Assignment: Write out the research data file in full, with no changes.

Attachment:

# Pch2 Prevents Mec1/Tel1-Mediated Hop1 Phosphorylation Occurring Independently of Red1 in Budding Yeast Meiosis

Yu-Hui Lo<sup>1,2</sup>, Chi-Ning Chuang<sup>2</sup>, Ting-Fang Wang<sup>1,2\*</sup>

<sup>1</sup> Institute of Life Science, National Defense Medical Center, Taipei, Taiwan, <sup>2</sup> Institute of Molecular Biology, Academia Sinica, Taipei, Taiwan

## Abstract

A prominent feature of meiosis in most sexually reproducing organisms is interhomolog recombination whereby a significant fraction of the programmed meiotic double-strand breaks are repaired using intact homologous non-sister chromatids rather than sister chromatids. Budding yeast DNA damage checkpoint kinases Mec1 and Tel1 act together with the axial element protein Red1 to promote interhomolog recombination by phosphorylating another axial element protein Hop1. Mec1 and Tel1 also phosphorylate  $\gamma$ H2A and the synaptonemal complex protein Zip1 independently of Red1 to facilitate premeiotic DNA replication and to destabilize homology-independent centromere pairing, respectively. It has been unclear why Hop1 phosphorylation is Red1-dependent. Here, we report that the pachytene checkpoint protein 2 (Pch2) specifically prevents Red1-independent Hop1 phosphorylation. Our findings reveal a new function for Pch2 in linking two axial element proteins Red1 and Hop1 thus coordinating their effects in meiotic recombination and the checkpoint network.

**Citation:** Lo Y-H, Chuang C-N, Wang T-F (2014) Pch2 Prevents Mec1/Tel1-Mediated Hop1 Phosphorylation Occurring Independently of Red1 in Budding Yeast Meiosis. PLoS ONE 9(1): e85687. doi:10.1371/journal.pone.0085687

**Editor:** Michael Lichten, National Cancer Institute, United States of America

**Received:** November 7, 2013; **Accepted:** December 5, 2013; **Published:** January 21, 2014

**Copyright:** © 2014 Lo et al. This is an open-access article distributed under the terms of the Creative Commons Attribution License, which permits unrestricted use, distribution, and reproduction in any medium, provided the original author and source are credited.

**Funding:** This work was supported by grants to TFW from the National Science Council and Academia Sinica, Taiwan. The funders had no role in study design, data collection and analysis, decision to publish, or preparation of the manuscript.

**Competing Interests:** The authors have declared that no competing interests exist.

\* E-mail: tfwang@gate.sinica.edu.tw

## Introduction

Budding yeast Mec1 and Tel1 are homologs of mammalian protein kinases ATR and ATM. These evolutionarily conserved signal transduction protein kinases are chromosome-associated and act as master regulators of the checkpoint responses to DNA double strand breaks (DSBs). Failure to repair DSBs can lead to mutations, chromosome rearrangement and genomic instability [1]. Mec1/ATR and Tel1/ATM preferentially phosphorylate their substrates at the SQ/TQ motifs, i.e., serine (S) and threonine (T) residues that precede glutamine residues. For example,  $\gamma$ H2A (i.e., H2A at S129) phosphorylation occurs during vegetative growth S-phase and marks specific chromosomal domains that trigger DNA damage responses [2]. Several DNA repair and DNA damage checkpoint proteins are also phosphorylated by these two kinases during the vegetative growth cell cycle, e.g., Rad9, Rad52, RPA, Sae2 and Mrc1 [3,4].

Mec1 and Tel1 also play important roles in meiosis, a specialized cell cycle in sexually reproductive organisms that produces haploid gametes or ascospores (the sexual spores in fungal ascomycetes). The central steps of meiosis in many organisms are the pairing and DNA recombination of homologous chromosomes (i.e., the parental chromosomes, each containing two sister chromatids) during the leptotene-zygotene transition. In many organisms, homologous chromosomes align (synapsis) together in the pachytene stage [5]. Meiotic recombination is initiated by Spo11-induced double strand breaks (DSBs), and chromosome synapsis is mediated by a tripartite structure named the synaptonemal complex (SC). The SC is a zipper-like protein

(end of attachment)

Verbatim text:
# Pch2 Prevents Mec1/Tel1-Mediated Hop1 Phosphorylation Occurring Independently of Red1 in Budding Yeast Meiosis

Yu-Hui Lo<sup>1,2</sup>, Chi-Ning Chuang<sup>2</sup>, Ting-Fang Wang<sup>1,2\*</sup>

<sup>1</sup> Institute of Life Science, National Defense Medical Center, Taipei, Taiwan, <sup>2</sup> Institute of Molecular Biology, Academia Sinica, Taipei, Taiwan

## Abstract

A prominent feature of meiosis in most sexually reproducing organisms is interhomolog recombination whereby a significant fraction of the programmed meiotic double-strand breaks are repaired using intact homologous non-sister chromatids rather than sister chromatids. Budding yeast DNA damage checkpoint kinases Mec1 and Tel1 act together with the axial element protein Red1 to promote interhomolog recombination by phosphorylating another axial element protein Hop1. Mec1 and Tel1 also phosphorylate  $\gamma$ H2A and the synaptonemal complex protein Zip1 independently of Red1 to facilitate premeiotic DNA replication and to destabilize homology-independent centromere pairing, respectively. It has been unclear why Hop1 phosphorylation is Red1-dependent. Here, we report that the pachytene checkpoint protein 2 (Pch2) specifically prevents Red1-independent Hop1 phosphorylation. Our findings reveal a new function for Pch2 in linking two axial element proteins Red1 and Hop1 thus coordinating their effects in meiotic recombination and the checkpoint network.

**Citation:** Lo Y-H, Chuang C-N, Wang T-F (2014) Pch2 Prevents Mec1/Tel1-Mediated Hop1 Phosphorylation Occurring Independently of Red1 in Budding Yeast Meiosis. PLoS ONE 9(1): e85687. doi:10.1371/journal.pone.0085687

**Editor:** Michael Lichten, National Cancer Institute, United States of America

**Received:** November 7, 2013; **Accepted:** December 5, 2013; **Published:** January 21, 2014

**Copyright:** © 2014 Lo et al. This is an open-access article distributed under the terms of the Creative Commons Attribution License, which permits unrestricted use, distribution, and reproduction in any medium, provided the original author and source are credited.

**Funding:** This work was supported by grants to TFW from the National Science Council and Academia Sinica, Taiwan. The funders had no role in study design, data collection and analysis, decision to publish, or preparation of the manuscript.

**Competing Interests:** The authors have declared that no competing interests exist.

\* E-mail: tfwang@gate.sinica.edu.tw

## Introduction

Budding yeast Mec1 and Tel1 are homologs of mammalian protein kinases ATR and ATM. These evolutionarily conserved signal transduction protein kinases are chromosome-associated and act as master regulators of the checkpoint responses to DNA double strand breaks (DSBs). Failure to repair DSBs can lead to mutations, chromosome rearrangement and genomic instability [1]. Mec1/ATR and Tel1/ATM preferentially phosphorylate their substrates at the SQ/TQ motifs, i.e., serine (S) and threonine (T) residues that precede glutamine residues. For example,  $\gamma$ H2A (i.e., H2A at S129) phosphorylation occurs during vegetative growth S-phase and marks specific chromosomal domains that trigger DNA damage responses [2]. Several DNA repair and DNA damage checkpoint proteins are also phosphorylated by these two kinases during the vegetative growth cell cycle, e.g., Rad9, Rad52, RPA, Sae2 and Mrc1 [3,4].

Mec1 and Tel1 also play important roles in meiosis, a specialized cell cycle in sexually reproductive organisms that produces haploid gametes or ascospores (the sexual spores in fungal ascomycetes). The central steps of meiosis in many organisms are the pairing and DNA recombination of homologous chromosomes (i.e., the parental chromosomes, each containing two sister chromatids) during the leptotene-zygotene transition. In many organisms, homologous chromosomes align (synapsis) together in the pachytene stage [5]. Meiotic recombination is initiated by Spo11-induced double strand breaks (DSBs), and chromosome synapsis is mediated by a tripartite structure named the synaptonemal complex (SC). The SC is a zipper-like protein